A friend of mine bought her first pickup this past summer. She was sure excited, to say the least, about that foreign two-wheel-drive pickup, because, as she said, she has always wanted one of those critters in the hopes of expanding her outdoor horizons.
But I received an email this week in which she lamented that on her very first trip off-highway, she got good and stuck. So stuck, in fact, that she had to hike out a couple of miles to a house and call for a tow truck, then hike back and wait.
I asked for more details for this column but they were not forthcoming in time for my deadline. I do know that she didn't have a lick of emergency equipment with her, even though I had warned her to do so when she had bought the pickup.
I returned her note with a congratulatory "Way to go!" because she had just had her very first "truck experience" and that was as it should be. After all, what good is owning a truck if you don't take it into the boondocks once in a while?
Her incident brought to mind my own first "truck experience" and it was very similar to my friend's.
My first pickup was a foreign, two-wheel-drive compact truck, with a spunky four-cylinder engine, just like hers. It was a 1970 Datsun and the gearing seemed perfect for off-highway adventure. I allowed that I could go anywhere in it. Ignorance is truly bliss, ya know.
I drove alone to the California high desert and took off on a lonesome two-track that meandered along a brushy ridge for miles before it took me down into a deep, steep canyon.
Trucking across the bottom, I proceeded up the other side of the canyon, when my wheels started spinning and I could go no farther. I was on a stretch of hard rock with a sheen of slippery sand covering the rock.
I merely backed on down to the bottom, turned about, and headed back up the way I came-only to discover that it, too, was hard rock and slippery sand. You guessed it: I was stopped again.
Of course, just like my friend, I had no emergency equipment along and I began to sweat a mite. I sweated a whole lot more as I loaded half the bed full of rocks and boulders in order to give me traction-giving weight.
When I nudged the gas, that little pickup walked right on out of there with no effort whatsoever. I was not only relieved, but a bit smug too; I figured I could really go anywhere now! And so, I took the first side-track and headed down a power-line until it ended at a steep cliff.
Backing around, I started back the way I came, and shortly hit a pocket of very soft and deep sand. I promptly buried my rear wheels, what with all of the weight back there.
Now what to do? Each effort of gas pedal only sank the wheels further. It was near panic-city time!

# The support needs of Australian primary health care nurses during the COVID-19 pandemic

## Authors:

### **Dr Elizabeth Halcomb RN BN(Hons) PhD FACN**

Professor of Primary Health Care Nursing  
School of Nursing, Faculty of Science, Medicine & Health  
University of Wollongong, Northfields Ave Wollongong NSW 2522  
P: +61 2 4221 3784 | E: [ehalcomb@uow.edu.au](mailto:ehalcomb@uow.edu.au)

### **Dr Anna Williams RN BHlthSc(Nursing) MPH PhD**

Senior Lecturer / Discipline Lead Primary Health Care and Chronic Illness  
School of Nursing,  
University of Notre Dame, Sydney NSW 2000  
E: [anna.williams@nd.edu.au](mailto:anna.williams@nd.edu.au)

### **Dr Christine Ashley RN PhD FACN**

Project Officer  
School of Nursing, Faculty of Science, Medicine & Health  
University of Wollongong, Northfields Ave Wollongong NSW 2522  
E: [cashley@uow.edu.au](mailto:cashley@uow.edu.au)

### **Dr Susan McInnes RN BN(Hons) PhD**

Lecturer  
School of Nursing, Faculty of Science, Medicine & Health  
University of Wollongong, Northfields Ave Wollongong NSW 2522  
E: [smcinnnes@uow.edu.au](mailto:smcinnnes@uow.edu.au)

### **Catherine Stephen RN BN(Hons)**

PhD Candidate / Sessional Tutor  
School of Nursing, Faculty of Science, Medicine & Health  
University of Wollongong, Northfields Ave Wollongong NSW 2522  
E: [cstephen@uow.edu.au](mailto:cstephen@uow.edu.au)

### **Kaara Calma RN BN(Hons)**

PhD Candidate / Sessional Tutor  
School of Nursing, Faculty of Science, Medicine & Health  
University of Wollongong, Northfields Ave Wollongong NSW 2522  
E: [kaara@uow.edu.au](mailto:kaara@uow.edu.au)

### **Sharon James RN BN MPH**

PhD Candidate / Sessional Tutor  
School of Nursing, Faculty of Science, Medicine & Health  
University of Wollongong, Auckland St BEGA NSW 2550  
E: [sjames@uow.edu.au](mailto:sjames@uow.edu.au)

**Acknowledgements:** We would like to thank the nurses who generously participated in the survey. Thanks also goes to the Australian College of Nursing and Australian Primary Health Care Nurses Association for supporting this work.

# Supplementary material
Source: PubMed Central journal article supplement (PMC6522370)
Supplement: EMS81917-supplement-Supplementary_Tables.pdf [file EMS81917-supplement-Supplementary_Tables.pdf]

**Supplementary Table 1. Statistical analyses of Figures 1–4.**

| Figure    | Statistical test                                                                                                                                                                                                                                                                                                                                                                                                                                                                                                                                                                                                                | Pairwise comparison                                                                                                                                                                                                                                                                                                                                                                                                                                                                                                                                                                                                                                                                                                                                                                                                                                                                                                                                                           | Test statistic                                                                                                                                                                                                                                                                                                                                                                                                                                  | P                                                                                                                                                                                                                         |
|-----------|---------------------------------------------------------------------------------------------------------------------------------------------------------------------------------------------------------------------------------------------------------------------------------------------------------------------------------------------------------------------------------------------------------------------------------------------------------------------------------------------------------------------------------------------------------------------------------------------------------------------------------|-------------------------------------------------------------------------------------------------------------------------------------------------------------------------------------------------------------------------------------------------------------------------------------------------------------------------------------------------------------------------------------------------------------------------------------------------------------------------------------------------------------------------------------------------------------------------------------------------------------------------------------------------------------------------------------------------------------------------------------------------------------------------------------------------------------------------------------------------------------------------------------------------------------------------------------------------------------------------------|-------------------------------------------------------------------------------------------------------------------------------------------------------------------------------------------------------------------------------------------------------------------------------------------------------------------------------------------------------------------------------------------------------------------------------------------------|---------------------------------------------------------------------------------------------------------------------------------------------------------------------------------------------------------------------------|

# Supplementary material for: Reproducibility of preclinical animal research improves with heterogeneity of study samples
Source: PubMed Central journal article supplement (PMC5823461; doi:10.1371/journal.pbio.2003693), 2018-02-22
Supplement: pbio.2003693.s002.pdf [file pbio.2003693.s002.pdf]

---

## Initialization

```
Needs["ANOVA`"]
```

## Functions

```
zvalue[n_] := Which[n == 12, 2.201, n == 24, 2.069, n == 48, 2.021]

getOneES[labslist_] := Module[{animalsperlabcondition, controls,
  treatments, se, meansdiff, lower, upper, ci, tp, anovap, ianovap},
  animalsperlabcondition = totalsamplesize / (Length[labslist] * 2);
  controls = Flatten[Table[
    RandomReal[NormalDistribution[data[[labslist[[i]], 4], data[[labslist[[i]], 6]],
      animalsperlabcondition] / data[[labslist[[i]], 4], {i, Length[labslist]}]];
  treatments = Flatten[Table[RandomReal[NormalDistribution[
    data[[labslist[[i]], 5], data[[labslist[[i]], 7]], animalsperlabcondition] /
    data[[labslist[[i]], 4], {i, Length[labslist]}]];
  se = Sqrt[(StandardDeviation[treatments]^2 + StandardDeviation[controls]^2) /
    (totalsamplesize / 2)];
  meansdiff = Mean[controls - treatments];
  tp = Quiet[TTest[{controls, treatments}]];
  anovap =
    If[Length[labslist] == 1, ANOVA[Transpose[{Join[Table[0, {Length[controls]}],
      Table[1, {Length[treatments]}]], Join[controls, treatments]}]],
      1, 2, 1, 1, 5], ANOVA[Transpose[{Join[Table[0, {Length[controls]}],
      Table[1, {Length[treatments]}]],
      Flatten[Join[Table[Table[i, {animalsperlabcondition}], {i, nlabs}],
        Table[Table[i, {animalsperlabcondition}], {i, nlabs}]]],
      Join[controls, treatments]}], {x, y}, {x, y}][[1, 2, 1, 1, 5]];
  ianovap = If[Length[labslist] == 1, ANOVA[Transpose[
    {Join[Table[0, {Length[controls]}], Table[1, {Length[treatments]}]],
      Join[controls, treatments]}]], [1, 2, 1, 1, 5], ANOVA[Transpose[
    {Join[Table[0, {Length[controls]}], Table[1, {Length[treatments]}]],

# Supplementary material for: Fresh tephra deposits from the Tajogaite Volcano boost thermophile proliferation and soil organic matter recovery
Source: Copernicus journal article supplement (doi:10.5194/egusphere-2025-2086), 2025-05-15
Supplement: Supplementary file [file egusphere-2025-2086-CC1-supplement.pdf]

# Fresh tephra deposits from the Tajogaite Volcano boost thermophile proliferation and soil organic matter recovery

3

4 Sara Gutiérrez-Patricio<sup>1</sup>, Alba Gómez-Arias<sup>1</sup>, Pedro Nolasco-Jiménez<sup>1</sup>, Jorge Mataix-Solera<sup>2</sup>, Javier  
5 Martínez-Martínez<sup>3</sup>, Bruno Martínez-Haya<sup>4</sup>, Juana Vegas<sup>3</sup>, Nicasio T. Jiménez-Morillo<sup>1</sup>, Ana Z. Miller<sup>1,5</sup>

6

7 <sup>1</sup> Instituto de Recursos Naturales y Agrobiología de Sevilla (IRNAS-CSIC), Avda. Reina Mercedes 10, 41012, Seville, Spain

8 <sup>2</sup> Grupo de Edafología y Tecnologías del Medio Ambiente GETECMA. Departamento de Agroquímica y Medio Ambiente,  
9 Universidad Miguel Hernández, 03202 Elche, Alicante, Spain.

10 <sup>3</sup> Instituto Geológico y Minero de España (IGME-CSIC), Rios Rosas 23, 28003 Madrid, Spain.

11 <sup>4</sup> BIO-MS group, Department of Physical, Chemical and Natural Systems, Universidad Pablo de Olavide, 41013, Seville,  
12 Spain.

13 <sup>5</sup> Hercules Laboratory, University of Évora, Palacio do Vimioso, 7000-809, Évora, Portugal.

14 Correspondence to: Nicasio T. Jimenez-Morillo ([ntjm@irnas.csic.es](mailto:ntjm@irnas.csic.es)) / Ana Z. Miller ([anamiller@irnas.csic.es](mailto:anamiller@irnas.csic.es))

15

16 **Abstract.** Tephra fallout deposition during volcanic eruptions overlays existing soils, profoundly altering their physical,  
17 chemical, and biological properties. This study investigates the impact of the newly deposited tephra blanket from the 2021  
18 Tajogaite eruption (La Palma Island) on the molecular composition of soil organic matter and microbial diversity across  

Fortunately I remembered reading that if stuck in sand or snow, you should let half the air out of the rear tires (for 2WD) and that will widen the tire tread and thus give the tire more traction. I did just that and it worked!
Not feeling very smug any more, but very relieved, I got the heck out of there and went home!
I learned a thing or two that day and it has stuck (pun intended) with me. First off, I bought a short entrenching shovel that still rides with me. I also bought some new aggressively lugged, oversized snow tires for the rear and a set of tire chains. I never was stuck in that little truck ever again.
Then in 1985 I bought a new Ford four-wheel-drive pickup, and I still have it; you know it as "Ol' White." With it I've been stuck in just about every medium known to earth, and I've learned a whole lot more with each experience.
I'd like to pass along some of the rudimentary truths to you.
First off, no matter what your outdoor pursuit or what kind of vehicle you drive, the potential is always there for you too to get stuck somewhere, some way, be it in snow, mud or sand. (I remember a fella who got stuck on slippery leaves, had to leave his truck, and died hiking out for help).
You really need to carry basic equipment at all times. As I said, a short shovel is a must. Make sure you have a jack that works and you know how to use it. Carry along a piece of 6x12 board to set the jack on so it doesn't sink into the muck.
For under 35 bucks you can buy a two-ton come-along winch that will pull you out of a mess. Figure out how to use it before you put it away into your vehicle! Along with that, buy a nylon tow strap that can be used to wrap around a tree or the base of a bear-grass bunch; you attach the winch hook to the strap.
A folding saw is a must too, so that you can cut branches to lay under the tires after you jack them up. Also lay branches in a path in front of the tires. All of this will give you needed traction over the slippery stuff.
With these few, basic tools, you can get out of just about every situation, short of a breakdown. Just be patient, use your head, be prepared to sweat a little and do some hard work and, oh yeah, plan to get dirty!
That's it. I hope your first "truck experience" will become as fond a memory as mine has.
Keep the sun forever at your back, the wind forever in your face, and may the Forever God bless your adventures too.
Larry Lightner writes Ramblin' Outdoors monthly for Desert Exposure.